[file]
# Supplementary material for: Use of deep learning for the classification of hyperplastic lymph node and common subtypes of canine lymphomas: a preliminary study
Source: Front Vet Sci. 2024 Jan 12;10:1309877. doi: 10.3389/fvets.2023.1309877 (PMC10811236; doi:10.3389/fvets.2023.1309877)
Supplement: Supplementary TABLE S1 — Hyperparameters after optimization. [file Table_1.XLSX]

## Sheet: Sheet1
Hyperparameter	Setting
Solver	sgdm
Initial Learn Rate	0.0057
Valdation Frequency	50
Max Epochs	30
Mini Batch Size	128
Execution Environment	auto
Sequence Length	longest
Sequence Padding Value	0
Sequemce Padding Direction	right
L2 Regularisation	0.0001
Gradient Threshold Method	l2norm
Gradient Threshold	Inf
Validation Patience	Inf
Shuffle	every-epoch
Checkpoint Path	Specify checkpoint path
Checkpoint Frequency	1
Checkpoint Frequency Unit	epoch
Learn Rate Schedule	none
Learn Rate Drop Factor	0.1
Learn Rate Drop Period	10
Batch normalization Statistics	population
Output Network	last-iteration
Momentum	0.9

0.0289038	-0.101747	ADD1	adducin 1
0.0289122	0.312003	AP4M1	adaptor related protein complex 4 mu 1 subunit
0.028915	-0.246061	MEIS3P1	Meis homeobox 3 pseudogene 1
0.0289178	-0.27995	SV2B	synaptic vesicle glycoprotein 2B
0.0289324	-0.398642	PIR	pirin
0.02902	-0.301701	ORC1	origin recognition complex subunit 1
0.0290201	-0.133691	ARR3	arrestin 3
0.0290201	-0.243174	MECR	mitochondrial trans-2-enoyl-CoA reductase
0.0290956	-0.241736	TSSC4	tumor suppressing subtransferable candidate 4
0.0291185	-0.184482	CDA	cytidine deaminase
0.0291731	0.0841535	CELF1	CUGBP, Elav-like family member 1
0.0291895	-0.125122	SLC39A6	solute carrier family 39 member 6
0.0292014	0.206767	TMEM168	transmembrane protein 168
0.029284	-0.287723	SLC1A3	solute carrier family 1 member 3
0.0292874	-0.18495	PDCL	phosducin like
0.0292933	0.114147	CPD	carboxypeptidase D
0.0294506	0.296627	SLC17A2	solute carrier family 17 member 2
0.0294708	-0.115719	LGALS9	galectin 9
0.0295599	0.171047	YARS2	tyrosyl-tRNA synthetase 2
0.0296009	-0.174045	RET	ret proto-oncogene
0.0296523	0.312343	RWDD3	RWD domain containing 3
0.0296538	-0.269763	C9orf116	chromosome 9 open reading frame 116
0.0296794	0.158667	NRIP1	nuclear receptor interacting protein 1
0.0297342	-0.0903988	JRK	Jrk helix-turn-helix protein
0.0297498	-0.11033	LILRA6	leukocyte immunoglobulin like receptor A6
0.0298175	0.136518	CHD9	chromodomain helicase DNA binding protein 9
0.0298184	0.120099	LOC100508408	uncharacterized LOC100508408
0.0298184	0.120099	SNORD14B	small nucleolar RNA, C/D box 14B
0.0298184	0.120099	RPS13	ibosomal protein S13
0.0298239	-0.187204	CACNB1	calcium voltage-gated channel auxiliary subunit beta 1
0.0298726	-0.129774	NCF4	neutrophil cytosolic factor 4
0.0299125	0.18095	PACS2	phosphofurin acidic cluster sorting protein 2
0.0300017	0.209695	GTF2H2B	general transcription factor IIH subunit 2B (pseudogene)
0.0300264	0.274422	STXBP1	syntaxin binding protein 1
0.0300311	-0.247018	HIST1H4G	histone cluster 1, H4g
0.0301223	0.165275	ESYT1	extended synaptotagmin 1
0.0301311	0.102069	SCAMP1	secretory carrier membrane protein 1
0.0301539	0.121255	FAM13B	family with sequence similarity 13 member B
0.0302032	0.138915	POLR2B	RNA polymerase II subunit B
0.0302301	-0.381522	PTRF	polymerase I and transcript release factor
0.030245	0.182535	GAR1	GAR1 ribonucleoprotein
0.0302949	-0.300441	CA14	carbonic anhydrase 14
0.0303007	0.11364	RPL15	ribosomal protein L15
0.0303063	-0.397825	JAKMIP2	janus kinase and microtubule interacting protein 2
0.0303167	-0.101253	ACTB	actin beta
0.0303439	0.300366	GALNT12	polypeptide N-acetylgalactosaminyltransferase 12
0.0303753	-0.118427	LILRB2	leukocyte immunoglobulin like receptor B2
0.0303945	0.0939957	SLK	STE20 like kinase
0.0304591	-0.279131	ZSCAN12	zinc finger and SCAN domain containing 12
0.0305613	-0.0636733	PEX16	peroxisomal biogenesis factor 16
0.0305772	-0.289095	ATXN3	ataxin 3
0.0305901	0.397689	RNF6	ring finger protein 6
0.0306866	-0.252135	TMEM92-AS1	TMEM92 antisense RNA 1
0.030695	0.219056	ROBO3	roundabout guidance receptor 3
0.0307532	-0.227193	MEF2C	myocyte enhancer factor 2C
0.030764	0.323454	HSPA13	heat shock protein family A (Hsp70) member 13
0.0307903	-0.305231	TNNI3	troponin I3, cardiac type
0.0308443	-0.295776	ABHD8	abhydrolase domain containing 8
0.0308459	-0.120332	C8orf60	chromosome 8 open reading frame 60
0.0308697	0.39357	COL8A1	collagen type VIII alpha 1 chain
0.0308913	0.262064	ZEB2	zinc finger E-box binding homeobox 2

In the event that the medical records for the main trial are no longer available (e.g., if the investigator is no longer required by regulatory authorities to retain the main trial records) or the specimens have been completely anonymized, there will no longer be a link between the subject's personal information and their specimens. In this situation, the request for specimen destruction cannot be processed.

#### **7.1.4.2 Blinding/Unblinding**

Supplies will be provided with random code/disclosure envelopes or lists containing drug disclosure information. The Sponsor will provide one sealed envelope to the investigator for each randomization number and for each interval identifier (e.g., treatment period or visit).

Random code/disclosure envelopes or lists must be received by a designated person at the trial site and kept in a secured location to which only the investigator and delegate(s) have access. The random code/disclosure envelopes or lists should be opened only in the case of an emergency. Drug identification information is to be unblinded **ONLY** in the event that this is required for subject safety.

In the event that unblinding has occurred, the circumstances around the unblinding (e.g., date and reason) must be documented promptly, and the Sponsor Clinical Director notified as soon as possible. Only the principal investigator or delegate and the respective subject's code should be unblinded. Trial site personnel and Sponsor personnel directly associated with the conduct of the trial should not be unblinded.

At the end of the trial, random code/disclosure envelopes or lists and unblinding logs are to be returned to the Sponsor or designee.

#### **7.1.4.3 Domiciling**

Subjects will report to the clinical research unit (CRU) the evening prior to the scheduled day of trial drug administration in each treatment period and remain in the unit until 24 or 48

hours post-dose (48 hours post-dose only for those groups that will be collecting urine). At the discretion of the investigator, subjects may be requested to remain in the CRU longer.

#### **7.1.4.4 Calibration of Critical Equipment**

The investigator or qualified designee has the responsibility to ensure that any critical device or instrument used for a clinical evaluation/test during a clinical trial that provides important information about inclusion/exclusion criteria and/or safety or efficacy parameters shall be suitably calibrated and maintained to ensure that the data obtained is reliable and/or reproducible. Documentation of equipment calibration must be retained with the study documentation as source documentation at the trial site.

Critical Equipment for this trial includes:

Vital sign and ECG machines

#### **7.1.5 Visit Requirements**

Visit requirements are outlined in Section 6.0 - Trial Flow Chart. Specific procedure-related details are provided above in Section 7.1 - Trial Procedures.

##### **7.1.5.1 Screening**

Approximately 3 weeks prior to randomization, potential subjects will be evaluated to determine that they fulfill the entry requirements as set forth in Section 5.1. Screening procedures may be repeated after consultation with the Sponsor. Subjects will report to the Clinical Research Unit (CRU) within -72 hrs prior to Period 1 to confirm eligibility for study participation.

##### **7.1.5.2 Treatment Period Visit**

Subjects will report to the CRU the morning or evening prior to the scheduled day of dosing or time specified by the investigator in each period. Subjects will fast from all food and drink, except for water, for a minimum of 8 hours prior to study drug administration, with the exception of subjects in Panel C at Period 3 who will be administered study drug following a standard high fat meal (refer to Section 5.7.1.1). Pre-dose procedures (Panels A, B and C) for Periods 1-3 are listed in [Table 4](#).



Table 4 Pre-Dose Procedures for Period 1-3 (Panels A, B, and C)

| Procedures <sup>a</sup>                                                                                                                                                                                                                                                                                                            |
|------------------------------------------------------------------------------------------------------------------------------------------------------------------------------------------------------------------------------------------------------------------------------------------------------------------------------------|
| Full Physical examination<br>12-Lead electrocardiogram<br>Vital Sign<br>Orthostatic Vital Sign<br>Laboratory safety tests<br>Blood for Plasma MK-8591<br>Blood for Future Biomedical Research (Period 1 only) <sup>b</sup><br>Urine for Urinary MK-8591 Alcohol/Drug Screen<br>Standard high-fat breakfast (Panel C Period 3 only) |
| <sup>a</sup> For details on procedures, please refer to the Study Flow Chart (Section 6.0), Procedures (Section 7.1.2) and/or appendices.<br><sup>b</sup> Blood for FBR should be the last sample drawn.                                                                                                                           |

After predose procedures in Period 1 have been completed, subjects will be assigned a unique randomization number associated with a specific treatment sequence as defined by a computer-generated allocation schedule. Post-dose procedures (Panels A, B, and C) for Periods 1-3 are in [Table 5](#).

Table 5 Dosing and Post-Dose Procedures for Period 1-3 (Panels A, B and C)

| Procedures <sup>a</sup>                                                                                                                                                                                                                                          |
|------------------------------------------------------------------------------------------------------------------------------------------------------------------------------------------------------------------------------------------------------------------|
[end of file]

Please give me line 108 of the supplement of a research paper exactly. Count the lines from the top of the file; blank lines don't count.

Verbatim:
Subjects will report to the CRU the morning or evening prior to the scheduled day of dosing or time specified by the investigator in each period. Subjects will fast from all food and drink, except for water, for a minimum of 8 hours prior to study drug administration, with the exception of subjects in Panel C at Period 3 who will be administered study drug following a standard high fat meal (refer to Section 5.7.1.1). Pre-dose procedures (Panels A, B and C) for Periods 1-3 are listed in [Table 4](#).